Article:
Writers who call themselves "literary" and then look down their pretentious noses at genre writers, in a word, piss me off. There's nothing wrong with literary, and not all literary writers have this awful attitude. But those that do, in a word, piss me off. Okay, so you're writing stuff that will "have an impact on the world and instigate social change and go down in the annals of society..." That's great. Good for you.

What's wrong with changing one person's life, right now? That's what genre writers do. If we can make one person laugh, smile, get scared, fall in love, or forget their problems for a while, we are happy. If we can do this one reader at a time for thousands (or millions) of people, so much the better. Maybe genre books won't pass the test of time, but then again, neither will most people. So what's wrong with changing the lives that are being lived right now? We are immortal when we reach readers, even if it is only readers within our lifetimes.

And as for money: of course we write for money, and it is because we write for love. These are not mutually exclusive terms. We write for money because we love writing, and making money from writing is the only way we can pursue our love full time. Yes, we all have to start out with a day job--but to keep at it without the ultimate goal of making money is a waste of time and effort.

Writers write...because. And any reason to write is a good reason. Don't sneer at someone else because their reasons aren't the same as yours.

-S

Bernita said...

WELL SAID, S.W.!

Anonymous said...

I can't believe people think that there's something wrong with getting paid for work done. I've worked for years in the computer field, and I loved what I did. But I wouldn't dream of doing it for free if for no other reason than I need money to live on. But a bigger reason than that has to do with perception of worth. If I gave my expertise away I'd be saying it's worth nothing. Why should writing be any different?

I consider my books labors of love, but that doesn't mean I will give it away. I'd like to realize a return on my investment.

So yes, write because it's your bliss, but don't think you're pimping yourself by trying to get the most money you can for it.

That's my 2¢

Anonymous said...

"Do what you love...the money will follow."

Elena Greene said...

When I was writing traditional Regency romances my editor asked if I could write at LEAST two books a year. I explained to her that I'm not that fast a writer and with two small children, I could only write one book a year--at least only one I'd be willing to have published with my name on it.

Though she accepted what I said she warned me my career would proceed much more slowly than those of more prolific authors. I do think it's helped some romance authors. But it also doesn't make sense for slower writers like me to burn out and produce wallbangers in the attempt to keep up.

Elena Greene

December Quinn said...

S.W., will you be my best friend? That was an AWESOME comment!

Anonymous said...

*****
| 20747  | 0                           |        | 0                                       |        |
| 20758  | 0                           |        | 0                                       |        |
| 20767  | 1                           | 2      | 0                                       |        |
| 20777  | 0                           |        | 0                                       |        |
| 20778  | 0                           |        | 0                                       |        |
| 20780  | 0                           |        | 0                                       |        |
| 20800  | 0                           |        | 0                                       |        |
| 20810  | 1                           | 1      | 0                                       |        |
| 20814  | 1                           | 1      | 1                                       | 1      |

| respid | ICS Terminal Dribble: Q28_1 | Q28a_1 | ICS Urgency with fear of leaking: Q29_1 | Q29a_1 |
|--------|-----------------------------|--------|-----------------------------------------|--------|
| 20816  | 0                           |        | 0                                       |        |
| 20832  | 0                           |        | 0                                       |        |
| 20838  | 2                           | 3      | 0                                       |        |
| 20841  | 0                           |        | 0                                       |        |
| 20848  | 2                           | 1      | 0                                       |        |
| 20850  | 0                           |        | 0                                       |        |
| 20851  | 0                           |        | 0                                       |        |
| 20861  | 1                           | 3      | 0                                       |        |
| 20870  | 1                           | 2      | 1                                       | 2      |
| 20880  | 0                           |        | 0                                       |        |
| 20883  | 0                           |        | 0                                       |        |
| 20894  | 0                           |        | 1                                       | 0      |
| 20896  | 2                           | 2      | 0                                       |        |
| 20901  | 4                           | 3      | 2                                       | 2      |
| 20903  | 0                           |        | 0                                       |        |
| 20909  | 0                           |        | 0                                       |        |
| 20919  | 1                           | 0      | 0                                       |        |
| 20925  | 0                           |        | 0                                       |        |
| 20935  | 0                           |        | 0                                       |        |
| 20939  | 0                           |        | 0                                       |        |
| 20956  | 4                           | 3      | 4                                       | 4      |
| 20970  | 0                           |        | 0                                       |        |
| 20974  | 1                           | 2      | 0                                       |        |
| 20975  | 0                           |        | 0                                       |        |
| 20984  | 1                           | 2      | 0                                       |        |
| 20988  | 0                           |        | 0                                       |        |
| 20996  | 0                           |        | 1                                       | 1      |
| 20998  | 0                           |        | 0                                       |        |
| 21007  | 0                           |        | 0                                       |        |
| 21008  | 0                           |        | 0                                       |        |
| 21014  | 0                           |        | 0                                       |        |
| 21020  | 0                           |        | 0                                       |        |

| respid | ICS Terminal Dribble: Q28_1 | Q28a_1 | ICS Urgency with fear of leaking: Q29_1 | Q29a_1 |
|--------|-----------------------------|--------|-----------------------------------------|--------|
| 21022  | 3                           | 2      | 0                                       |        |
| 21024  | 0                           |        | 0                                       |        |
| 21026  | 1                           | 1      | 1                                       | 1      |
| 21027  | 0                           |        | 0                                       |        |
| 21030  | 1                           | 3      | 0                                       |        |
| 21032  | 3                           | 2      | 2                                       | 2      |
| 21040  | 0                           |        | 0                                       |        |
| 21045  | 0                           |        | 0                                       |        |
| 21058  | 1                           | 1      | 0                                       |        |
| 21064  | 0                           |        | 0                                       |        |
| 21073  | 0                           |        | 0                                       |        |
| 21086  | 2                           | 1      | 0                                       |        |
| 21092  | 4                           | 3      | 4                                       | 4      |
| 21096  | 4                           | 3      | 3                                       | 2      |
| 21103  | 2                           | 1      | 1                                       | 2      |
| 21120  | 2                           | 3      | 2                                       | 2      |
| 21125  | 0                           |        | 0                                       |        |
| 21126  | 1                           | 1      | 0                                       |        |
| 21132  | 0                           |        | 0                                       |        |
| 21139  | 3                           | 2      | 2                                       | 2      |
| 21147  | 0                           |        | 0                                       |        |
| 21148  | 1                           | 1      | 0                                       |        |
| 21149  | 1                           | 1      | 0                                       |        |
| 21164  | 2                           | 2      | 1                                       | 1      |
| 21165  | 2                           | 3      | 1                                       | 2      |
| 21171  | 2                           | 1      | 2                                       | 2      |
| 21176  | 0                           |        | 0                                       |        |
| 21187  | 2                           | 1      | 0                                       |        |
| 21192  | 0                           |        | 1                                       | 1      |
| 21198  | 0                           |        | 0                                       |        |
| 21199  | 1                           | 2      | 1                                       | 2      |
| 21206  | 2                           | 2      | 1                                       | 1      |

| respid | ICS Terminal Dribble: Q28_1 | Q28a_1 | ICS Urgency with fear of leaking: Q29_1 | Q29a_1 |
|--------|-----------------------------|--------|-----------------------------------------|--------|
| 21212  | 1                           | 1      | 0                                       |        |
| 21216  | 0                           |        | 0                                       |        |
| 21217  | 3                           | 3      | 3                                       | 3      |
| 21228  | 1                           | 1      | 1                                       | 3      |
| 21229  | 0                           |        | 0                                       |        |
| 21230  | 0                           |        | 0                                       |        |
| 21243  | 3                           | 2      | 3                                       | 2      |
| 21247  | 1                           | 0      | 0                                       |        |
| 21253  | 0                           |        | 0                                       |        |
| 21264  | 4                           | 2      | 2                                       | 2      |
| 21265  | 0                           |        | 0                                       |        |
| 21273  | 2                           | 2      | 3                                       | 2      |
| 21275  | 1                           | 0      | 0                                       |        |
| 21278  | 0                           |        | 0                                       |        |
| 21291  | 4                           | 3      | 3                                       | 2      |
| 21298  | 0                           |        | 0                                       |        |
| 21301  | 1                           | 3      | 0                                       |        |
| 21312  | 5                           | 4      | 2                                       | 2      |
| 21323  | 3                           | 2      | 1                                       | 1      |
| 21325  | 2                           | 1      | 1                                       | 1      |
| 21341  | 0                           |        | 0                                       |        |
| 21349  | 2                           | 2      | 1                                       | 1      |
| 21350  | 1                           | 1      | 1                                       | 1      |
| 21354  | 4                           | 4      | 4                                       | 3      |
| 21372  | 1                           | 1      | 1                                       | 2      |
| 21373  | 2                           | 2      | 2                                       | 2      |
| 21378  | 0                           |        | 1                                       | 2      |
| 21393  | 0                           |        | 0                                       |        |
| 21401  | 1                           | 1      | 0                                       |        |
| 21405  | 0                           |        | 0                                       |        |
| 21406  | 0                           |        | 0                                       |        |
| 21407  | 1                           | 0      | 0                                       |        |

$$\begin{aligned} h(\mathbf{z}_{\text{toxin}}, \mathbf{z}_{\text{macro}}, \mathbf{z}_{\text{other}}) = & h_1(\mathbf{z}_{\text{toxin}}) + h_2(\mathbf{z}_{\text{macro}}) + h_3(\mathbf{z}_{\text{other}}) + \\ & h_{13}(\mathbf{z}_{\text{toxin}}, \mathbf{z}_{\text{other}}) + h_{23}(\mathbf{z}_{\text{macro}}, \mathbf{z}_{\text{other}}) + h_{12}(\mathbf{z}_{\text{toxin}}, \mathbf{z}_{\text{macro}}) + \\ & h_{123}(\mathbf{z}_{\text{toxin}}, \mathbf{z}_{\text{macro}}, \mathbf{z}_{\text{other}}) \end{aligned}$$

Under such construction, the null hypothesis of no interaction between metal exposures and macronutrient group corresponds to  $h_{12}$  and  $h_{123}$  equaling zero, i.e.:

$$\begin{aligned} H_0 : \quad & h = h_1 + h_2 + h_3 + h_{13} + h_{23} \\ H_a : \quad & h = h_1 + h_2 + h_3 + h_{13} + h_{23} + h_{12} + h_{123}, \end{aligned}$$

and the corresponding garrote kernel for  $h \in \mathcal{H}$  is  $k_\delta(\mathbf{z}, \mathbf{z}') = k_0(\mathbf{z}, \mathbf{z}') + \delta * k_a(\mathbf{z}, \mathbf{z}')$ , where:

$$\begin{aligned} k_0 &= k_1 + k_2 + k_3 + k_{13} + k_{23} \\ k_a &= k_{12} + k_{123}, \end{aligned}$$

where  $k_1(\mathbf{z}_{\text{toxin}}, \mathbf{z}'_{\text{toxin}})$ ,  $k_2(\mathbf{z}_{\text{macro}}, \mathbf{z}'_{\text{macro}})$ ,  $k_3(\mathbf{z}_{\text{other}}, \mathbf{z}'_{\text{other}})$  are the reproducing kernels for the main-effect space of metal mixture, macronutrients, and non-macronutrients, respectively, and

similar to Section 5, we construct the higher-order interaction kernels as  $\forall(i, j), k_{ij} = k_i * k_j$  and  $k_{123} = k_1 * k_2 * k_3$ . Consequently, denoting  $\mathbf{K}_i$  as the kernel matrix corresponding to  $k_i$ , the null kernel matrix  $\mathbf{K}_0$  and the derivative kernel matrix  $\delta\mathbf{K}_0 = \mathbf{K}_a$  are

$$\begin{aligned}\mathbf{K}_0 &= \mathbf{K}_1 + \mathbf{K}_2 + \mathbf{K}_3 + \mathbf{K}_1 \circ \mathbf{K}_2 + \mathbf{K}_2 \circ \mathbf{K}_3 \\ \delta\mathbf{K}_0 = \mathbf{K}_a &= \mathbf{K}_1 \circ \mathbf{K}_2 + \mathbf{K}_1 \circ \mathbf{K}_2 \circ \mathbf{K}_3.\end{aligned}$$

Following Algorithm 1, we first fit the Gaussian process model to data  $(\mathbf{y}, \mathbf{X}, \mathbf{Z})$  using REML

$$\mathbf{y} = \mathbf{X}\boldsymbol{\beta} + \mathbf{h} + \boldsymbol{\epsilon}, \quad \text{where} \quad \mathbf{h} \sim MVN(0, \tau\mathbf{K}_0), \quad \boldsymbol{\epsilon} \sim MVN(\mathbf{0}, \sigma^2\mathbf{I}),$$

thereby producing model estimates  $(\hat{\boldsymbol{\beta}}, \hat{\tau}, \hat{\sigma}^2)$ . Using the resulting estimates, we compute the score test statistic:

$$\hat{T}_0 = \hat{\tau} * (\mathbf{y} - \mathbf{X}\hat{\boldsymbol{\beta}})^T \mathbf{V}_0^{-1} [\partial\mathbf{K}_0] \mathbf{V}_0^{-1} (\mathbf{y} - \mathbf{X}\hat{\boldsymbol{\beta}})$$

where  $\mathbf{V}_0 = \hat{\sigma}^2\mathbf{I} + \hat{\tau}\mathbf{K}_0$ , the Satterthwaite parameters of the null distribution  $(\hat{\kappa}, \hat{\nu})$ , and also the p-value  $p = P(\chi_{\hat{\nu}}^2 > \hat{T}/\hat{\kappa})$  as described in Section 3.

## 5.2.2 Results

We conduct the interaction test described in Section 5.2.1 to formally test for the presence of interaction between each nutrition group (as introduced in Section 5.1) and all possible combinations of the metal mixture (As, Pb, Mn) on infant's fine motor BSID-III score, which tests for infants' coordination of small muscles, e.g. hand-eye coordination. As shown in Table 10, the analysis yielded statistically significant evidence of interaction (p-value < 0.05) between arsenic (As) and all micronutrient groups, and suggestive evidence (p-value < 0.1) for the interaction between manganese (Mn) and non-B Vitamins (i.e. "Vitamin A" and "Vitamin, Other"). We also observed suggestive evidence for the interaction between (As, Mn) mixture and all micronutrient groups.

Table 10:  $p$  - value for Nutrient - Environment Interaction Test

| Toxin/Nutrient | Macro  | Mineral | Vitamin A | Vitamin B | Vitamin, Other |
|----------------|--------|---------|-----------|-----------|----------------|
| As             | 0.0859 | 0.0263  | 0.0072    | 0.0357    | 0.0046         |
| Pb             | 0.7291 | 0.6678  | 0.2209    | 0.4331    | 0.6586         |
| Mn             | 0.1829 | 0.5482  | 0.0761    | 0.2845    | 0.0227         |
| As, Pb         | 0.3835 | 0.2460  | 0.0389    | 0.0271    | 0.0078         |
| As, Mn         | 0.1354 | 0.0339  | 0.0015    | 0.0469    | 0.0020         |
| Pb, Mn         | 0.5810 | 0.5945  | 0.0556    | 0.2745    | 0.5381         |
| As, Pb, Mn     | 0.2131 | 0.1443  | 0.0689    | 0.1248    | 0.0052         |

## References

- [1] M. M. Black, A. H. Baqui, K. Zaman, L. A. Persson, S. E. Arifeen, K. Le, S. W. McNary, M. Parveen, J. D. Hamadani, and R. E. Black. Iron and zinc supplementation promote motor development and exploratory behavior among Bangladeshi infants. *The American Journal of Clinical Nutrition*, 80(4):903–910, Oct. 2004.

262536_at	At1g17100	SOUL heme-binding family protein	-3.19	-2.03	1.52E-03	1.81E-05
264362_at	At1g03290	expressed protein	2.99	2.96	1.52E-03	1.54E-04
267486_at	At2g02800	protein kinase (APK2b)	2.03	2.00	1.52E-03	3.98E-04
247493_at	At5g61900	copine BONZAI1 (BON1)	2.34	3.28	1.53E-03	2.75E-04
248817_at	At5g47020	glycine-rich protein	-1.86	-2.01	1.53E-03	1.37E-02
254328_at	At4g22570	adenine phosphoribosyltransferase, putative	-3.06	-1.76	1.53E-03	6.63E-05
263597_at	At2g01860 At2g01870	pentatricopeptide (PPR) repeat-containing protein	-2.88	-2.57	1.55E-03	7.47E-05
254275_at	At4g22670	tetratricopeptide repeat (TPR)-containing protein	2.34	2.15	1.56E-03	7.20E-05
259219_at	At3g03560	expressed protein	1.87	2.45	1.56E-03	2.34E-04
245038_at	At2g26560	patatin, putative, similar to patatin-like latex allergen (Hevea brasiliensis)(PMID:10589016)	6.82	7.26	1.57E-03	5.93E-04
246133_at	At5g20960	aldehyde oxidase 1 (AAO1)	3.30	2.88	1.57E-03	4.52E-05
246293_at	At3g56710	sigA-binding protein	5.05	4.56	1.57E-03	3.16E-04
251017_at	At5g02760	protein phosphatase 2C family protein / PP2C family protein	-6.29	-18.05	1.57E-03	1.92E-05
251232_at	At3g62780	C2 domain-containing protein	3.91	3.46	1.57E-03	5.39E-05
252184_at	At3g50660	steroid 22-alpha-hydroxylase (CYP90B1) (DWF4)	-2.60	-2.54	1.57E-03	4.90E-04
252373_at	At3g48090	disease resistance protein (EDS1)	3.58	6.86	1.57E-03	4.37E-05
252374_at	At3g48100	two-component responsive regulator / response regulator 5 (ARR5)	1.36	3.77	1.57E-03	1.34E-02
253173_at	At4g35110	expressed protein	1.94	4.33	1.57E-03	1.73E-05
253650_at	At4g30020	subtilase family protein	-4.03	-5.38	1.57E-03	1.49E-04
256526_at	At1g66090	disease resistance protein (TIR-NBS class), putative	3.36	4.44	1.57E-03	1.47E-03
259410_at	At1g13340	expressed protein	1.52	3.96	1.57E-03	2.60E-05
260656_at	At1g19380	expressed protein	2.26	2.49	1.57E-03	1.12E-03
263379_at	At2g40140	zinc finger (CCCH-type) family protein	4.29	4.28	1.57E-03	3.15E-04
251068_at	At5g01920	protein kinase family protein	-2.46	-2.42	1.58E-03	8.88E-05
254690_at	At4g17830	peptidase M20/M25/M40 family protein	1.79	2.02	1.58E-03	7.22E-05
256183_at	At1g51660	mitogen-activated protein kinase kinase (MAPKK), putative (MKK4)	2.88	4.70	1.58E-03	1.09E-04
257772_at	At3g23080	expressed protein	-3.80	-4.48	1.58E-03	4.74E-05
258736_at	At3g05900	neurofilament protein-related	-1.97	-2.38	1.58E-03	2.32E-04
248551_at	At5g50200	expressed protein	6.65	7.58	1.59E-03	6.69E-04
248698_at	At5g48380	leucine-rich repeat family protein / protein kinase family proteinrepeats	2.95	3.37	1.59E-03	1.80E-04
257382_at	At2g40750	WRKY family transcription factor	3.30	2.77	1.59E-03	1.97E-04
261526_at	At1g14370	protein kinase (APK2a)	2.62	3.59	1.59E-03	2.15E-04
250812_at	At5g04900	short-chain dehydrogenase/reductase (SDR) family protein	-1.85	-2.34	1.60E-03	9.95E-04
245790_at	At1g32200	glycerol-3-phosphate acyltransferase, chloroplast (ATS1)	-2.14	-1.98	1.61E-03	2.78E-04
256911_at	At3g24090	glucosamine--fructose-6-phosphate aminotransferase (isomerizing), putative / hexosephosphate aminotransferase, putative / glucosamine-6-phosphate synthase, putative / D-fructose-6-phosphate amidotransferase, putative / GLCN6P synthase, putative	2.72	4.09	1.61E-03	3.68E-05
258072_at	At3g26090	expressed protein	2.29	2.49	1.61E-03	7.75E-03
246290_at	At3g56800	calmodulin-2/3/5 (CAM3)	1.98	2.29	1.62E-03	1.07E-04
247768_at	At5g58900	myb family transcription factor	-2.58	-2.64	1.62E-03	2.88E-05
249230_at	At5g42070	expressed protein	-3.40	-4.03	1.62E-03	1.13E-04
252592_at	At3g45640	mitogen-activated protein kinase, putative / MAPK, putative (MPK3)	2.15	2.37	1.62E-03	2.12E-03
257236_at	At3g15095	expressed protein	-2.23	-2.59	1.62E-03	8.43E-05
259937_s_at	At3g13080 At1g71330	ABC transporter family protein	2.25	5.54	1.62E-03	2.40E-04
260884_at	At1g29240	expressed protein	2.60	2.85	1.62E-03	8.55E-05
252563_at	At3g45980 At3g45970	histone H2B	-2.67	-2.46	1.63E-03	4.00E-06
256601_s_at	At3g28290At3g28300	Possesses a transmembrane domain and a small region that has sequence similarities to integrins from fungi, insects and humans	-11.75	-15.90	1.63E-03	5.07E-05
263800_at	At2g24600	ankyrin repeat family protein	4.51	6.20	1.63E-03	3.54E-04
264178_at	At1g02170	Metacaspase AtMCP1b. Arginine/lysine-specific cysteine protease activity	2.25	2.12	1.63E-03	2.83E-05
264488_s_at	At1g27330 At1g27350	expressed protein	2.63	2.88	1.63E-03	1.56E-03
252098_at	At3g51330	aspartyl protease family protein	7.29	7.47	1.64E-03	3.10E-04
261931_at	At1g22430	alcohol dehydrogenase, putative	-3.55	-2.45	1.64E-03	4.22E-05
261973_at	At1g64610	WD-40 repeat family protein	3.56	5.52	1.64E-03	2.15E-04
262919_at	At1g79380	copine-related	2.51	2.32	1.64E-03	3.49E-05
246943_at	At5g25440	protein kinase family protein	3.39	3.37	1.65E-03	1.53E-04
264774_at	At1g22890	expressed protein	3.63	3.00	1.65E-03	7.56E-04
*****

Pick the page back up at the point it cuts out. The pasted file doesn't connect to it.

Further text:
SLV and DQ- The fact that you would get satisfaction from my failure speaks volumes about your character. I never said that writing romance was easy. I think that having to write to a set of rules and having an ending that can't be changed would be unbelievable difficult for me. I've only written two complete novels in my life (lots of abandoned 50-pagers, though) and I've discovered that I am very much an "organic" writer. Some call it "Headlight writing". I have no idea how the novel will end, but when I reach it, I know that it's over. With romance, you know that at the end, the hero and heroine will live happily ever after. I would probably kill the hero somewhere around page 125, or discover that the heroine is actually a lesbian on page 30. However, the "Everlasting" line at Harlequin looks very interesting to me. So I'm going to attempt one, and I will report back my total failure for your satisfaction.

December Quinn said...

Anonymous, I wasn't referring to anyone in particular when I commented. There are so many anonymous comments on this thread and I wasn't responding to any one in particular.

My comment related to people who look down on my work as "easy" or "anybody can write that garbage". If I take satisfaction from their discovery that it is in fact harder than they assume, I make no apologies for that.

The sooner all writers recognize that all writing is hard-every genre, and every kind-the better we'll all be, IMO.

Sorry if you thought I was hoping you, personally would fail at something. I don't know who you are or which comment was yours.

I wish you the best of luck at whatever you attempt. But I ask you to keep in mind, just because you personally weren't saying romance is easy, doesn't mean we don't hear that every day. It's easy to get defensive when you're regularly called a hack.

Anonymous said...

Whomever said romance was easy never heard my husband snore.

Bernita said...

Snoring?
Ask a widow.

Andrea said...

I am currently writing two novels concurrently. I choose to write based on what inspires me that day, so it could be three or four novels at a time. I don't like dictating to myself that I need to write 'x' number of pages a day. I like to write as inspired.